And yes, “fiducia” is in view here!

          thanks,
          shane

        • Ron Gilbert says:

          Unfortunately, there is not a Reply button on your comment below, Shane, so this one will appear above, skewing the conversation timeline.
          There seems to be some confusion about the assent and the propositions believed.
          James clearly states that the proposition believed by demons is that God is One; this is assent to the nature of the deity. This same proposition is believed by Muslims. It isn’t salvific.
          (Hypothetically) If the demons assented to “Jesus is my Savior” they would be saved.
          What I was asking is, “Is there such a thing as bare assent?” (Alan Strange and others attacked Gordon Clark by using “mere assent,” as others have. I just don’t understand the need to use the words “mere” or “bare.” It doesn’t do anything constructive, in my opinion.)

          Assent isn’t “bare” if it requires an object of knowledge (see Comment from April 8, 2015 at 7:21 am).

          Further down on this thread we find John 1:11-12 cited. Verse 12 gives the nature of saving faith and a particular proposition that must be believed: “…to all who did receive him, who believed in his name, he gave the right to become children of God…”
          Demons don’t “believe in his name.” They don’t assent to the propostions that constitute Who he is as Jesus “the Lord saves” Christ “the Anointed One.”

          Not a big deal, just trying to refine. Appreciative of your responses.

        • Ron, thanks for the remarks; I think I get your point now. We’re approaching the discussion from a slightly different angle. I agree with Dr. Strange. And, I’m again reminded that blog commenting isn’t the best place to dialogue! But I appreciate your comments and kind tone.
          shane

  2. Brenda R says:

    I am in between the Arminian and Calvinist theology. In fact, I never heard of either one until about 5 years ago. I had never heard of any of the confessionals either. Apparently I am from the dark ages. I believe that having heard the Word and conviction of sin by the Holy Spirit, I accepted Christ and his work on the cross and resurrection and he intercedes for me to the Father. Getting too much into individual doctrines and theologies distracts from Christ and the Gospel.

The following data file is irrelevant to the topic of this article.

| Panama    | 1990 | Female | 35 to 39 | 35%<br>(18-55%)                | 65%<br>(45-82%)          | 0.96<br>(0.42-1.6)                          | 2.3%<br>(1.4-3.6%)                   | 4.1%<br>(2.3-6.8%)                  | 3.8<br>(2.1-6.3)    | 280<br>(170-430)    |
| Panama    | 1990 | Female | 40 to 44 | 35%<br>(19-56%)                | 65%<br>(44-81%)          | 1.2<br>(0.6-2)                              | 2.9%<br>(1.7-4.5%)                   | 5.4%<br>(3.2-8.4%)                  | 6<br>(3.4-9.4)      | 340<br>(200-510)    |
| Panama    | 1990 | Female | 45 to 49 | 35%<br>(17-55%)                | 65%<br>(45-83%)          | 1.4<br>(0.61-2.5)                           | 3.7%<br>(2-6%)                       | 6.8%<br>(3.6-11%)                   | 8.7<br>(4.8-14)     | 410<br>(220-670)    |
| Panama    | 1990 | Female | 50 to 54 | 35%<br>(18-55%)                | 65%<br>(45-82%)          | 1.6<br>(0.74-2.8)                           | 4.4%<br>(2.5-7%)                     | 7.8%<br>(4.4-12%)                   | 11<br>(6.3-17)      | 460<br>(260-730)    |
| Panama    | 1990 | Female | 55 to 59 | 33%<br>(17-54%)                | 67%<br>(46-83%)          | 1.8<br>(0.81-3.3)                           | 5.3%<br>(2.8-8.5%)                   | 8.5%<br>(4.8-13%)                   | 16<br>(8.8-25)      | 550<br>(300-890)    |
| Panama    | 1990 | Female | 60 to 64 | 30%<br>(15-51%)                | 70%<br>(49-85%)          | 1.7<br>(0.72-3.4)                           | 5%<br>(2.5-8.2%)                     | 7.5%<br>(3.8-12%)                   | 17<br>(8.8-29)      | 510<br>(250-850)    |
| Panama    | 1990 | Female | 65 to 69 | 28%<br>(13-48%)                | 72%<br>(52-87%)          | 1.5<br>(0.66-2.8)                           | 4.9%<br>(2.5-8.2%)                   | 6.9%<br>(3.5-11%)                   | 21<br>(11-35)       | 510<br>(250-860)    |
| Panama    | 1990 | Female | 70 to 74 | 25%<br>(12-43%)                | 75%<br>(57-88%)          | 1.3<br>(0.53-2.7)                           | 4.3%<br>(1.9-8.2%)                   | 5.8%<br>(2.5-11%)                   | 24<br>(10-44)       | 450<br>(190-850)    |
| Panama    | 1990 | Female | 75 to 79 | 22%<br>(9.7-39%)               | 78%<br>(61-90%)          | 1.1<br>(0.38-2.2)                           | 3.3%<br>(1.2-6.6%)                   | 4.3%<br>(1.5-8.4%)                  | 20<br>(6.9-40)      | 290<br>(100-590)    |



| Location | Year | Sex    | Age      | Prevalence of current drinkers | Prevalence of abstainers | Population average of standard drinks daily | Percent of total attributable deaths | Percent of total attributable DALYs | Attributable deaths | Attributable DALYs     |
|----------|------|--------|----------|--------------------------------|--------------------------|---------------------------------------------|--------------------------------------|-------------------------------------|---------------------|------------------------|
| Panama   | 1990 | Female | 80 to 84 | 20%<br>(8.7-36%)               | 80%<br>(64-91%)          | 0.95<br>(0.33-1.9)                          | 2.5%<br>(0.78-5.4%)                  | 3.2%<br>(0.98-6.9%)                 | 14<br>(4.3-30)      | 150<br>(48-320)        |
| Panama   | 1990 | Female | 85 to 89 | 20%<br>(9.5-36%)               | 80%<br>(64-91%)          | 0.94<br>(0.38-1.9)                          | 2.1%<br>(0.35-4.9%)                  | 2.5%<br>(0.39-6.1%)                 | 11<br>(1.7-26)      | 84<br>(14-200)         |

• Thanks for the note, Brenda. You’re right; sometimes theological hair-splitting isn’t healthy. But sometimes theological precision is helpful in that it brings us more knowledge about Christ and the gospel. For example, some people reject the substitutionary aspect of Christ’s work, which is unbiblical and thus harmful for the faith – so it is worth learning about that doctrine, studying it, defending it, and believing it!
      Blessings,
      shane

      • Brenda R says:

        Yes, Christ was the substitute for me and all who will come to Him. I don’t know how that could be left out or disbelieved. It is a very relevant part of the Gospel.

  3. John 1:11-12 ESV He came to his own, and his own people did not receive him. 12 But to all who did receive him, who believed in his name, he gave the right to become children of God,

  4. D Wallace says:

    I like the clear, explicit calls to action (involving personal culpability and the absolute need for repentance and saving faith) such as Peter gave in his Pentecost sermons in Acts.

    It is unusual, powerful, and refreshing when I hear solid Reformed preachers by the Spirit doing so.

    Such calls are usually implicit in good Reformed messages, but sermons probably would be more powerful and biblically faithful if they were more explicit, more direct, more often concerning the call to penitent faith.

  5. Steve Bloem says:

    Shane, thank you for a good blog. It reminded me of what was said to William Carey (Father of modern missions. when asked if they would support his mission efforts to winning for people Christ in India. An elder (or deacon) said something like this, “When God wants us to reach the world for Christ, He will do it in His own way and in His own time.”

  6. Truth2Freedom says:

    Reblogged this on Truth2Freedom's Blog.

  7. […] Presbyterian Church and services as pastor of Covenant Presbyterian Church in Hammond, Wis. This article appeared on his blog and is used with […]

  8. The Apostle Peter must have been a Pelagian then. He says “Save yourselves (from this crooked generation).”